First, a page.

Indoors with Coronavirus — Are We Insane?

Bas Relief Style Abstract “Fruit Bat” in wood by David Richards

Crazy levels of virus are possible as we move indoors. Consider this. Inside heating and cooling air ducts in most homes and commercial buildings is a coating of dust and microorganisms. These usually don’t cause problems beyond sinus irritation. But now we have a coronavirus that is far more mobile and nasty than ordinary microorganisms. The problem is that the dry virus is exceptionally small. It and the water droplets we make while talking, breathing, sneezing, singing, coughing can easily form fine mist in addition to normal-sized droplets of moisture. The mist is called an aerosol because of its behavior (aero meaning carried on air and sol is short for solution).

It has much in common with cigarette smoke which is composed of fine particles and droplets. Like smoke, this aerosol can stay in rooms and travel throughout a building, especially with help from the blowers in heating systems. How often have you noticed a whiff of cannabis, cigarette, pipe, or cigar smoke although you couldn’t see anyone smoking. And, if the ventilation is not good, the smoke can become stale and really turn off visitors.

The same goes for coronavirus. But this stealthy guy is odorless and invisible. It can hang around for hours or days just like smoke. That’s the kicker. If it was in the air and smelled like stale cigar smoke, for instance, you would know it was there and do something to get rid of it. This damned thing is there but it’s beyond what our senses can detect.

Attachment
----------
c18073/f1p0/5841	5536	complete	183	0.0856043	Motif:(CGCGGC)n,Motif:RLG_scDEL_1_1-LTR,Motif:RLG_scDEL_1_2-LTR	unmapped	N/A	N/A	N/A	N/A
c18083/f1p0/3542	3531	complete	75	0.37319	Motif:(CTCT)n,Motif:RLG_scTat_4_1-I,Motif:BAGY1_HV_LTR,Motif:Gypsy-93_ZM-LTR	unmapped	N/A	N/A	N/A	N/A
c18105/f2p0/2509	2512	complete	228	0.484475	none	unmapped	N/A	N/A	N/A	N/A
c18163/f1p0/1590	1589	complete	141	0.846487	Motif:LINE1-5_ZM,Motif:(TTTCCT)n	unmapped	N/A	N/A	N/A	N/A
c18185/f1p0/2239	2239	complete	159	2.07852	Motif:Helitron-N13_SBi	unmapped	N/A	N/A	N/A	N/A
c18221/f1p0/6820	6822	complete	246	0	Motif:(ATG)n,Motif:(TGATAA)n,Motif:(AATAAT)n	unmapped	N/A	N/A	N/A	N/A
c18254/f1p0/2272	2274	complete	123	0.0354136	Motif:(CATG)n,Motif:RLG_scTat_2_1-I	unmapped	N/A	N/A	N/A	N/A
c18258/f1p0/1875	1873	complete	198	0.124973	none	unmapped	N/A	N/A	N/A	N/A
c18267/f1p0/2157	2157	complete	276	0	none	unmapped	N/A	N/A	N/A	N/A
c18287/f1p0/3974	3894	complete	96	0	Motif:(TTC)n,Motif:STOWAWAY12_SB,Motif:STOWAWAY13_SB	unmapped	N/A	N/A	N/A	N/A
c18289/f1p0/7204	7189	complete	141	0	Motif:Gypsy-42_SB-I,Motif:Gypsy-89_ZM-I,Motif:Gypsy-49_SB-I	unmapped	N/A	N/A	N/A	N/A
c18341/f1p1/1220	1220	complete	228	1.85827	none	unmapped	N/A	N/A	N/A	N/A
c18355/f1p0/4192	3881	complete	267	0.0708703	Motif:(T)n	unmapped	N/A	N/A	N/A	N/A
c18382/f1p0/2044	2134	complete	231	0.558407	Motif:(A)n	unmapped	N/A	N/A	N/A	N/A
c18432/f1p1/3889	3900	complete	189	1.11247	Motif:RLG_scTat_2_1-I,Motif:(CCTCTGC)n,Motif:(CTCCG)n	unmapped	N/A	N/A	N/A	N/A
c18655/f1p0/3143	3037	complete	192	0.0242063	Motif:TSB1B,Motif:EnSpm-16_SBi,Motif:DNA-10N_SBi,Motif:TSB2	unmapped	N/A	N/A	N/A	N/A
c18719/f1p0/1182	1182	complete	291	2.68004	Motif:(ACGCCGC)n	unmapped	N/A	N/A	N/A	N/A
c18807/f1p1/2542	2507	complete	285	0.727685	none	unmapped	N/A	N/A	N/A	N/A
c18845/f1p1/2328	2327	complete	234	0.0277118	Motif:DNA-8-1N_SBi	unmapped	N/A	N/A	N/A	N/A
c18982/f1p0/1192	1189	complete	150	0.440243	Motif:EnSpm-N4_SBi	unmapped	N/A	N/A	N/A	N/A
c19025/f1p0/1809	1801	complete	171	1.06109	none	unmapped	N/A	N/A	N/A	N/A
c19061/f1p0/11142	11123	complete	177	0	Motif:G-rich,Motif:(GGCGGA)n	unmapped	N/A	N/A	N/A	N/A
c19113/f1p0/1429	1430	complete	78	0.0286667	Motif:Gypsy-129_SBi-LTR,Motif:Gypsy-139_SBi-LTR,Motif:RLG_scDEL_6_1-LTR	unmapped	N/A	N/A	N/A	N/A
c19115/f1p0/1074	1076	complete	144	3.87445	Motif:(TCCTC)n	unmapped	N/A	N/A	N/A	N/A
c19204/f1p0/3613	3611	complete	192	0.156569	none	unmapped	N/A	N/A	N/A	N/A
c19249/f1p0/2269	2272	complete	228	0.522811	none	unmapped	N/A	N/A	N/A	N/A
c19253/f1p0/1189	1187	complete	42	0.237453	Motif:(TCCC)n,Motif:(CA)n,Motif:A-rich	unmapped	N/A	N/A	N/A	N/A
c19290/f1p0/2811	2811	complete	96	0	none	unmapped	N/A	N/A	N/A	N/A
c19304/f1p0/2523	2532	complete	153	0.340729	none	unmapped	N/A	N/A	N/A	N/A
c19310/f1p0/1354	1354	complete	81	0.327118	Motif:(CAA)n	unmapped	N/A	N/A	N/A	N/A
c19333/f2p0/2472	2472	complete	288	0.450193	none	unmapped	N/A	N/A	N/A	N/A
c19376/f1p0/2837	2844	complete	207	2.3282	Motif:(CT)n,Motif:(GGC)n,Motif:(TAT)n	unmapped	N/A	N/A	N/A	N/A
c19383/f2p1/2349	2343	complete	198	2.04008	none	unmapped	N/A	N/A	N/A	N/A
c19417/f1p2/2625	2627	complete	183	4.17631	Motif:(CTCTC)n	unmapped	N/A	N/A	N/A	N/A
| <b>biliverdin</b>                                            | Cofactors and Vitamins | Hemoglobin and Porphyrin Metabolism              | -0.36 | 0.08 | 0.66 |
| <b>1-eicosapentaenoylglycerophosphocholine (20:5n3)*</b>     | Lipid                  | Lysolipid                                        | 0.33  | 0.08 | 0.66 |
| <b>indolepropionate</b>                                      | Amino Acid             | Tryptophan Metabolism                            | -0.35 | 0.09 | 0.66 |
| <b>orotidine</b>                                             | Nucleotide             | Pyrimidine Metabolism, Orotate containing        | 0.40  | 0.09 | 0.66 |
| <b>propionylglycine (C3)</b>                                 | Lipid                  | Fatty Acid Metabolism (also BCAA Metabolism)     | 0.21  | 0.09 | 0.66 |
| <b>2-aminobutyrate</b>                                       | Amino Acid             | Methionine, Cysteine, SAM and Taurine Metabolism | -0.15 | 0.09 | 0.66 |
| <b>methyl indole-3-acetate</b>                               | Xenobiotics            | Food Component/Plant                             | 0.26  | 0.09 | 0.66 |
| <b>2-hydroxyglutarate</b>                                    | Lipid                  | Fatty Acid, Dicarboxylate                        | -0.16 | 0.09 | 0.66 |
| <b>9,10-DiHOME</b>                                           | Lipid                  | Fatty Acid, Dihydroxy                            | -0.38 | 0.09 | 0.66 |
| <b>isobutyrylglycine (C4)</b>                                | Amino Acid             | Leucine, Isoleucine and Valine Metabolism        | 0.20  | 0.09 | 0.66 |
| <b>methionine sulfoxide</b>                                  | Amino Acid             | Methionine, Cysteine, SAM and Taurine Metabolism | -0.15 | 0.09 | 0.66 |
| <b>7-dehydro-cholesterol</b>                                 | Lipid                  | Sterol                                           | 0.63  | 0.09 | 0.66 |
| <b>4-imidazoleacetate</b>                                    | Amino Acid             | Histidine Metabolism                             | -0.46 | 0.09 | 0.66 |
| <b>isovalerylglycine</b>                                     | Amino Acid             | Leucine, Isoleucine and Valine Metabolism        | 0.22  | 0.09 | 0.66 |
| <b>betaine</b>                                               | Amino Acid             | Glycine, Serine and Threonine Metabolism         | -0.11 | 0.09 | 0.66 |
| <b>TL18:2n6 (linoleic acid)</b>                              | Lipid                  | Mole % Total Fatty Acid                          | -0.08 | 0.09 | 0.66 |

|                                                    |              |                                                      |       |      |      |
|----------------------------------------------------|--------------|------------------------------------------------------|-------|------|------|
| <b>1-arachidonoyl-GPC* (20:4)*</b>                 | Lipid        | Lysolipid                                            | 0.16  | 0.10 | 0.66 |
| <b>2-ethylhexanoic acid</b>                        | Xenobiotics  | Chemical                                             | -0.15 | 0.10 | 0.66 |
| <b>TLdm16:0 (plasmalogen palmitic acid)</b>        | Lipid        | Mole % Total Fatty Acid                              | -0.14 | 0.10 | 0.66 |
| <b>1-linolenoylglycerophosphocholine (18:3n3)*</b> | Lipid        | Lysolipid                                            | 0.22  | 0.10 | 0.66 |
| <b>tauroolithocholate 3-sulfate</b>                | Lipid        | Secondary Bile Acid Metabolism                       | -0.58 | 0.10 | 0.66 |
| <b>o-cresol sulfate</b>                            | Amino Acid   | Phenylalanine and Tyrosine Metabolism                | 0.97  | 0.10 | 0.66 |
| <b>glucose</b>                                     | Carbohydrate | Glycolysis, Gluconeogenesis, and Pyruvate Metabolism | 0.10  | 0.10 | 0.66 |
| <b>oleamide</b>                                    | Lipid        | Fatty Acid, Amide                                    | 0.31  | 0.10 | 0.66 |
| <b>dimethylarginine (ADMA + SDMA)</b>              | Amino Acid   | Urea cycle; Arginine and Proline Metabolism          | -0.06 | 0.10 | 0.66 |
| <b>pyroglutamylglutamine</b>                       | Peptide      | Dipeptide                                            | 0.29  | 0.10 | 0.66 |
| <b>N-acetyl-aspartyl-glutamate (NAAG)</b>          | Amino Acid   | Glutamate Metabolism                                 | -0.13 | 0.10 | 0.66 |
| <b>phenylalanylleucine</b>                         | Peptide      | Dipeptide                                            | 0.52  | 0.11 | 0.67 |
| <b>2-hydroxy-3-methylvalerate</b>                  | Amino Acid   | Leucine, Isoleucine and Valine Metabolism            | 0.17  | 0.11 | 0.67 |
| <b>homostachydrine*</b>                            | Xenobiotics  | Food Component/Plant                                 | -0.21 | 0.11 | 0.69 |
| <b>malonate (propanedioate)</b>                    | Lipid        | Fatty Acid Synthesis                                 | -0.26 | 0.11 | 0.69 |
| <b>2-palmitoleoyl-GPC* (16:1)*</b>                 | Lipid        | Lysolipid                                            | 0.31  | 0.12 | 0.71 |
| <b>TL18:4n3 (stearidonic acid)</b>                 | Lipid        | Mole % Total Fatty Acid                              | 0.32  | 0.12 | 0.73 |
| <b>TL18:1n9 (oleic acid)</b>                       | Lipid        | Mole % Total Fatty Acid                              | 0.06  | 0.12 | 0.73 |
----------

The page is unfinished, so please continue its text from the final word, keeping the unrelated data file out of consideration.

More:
We really do need to be careful for everyone’s sake. Masks help keep virus both with the one who has it and, to a degree, from getting into the room air and anyone’s else’s airway. Keeping some fresh air in the room(s), getting tested if you’ve been close around strangers or you feel sick with symptoms, and generally taking care of your health are all good advice. But I’m writing not to give advice. My purpose is to spread information so that everyone reading can make informed decisions, moment to moment, to protect their own health and that of others nearby.

This is not like a common cold as we’ve been told by so many political and business authorities. That is flat wrong. I’ve had many colds and didn’t experience anything near what the coronavirus does. So let’s each do what we can to get through this dangerous time. I’m looking forward to receiving a highly effective vaccine and returning to a life where we can all move freely with each other. Until then, I’ll continue writing on science applied to the pandemic. My next will be on details of mask types, how they really work, and how you can determine which are best using one or two rating systems.

The fruit bat shown at the top of this article is a carrier of something called henipavirus and is the subject of an upcoming article.



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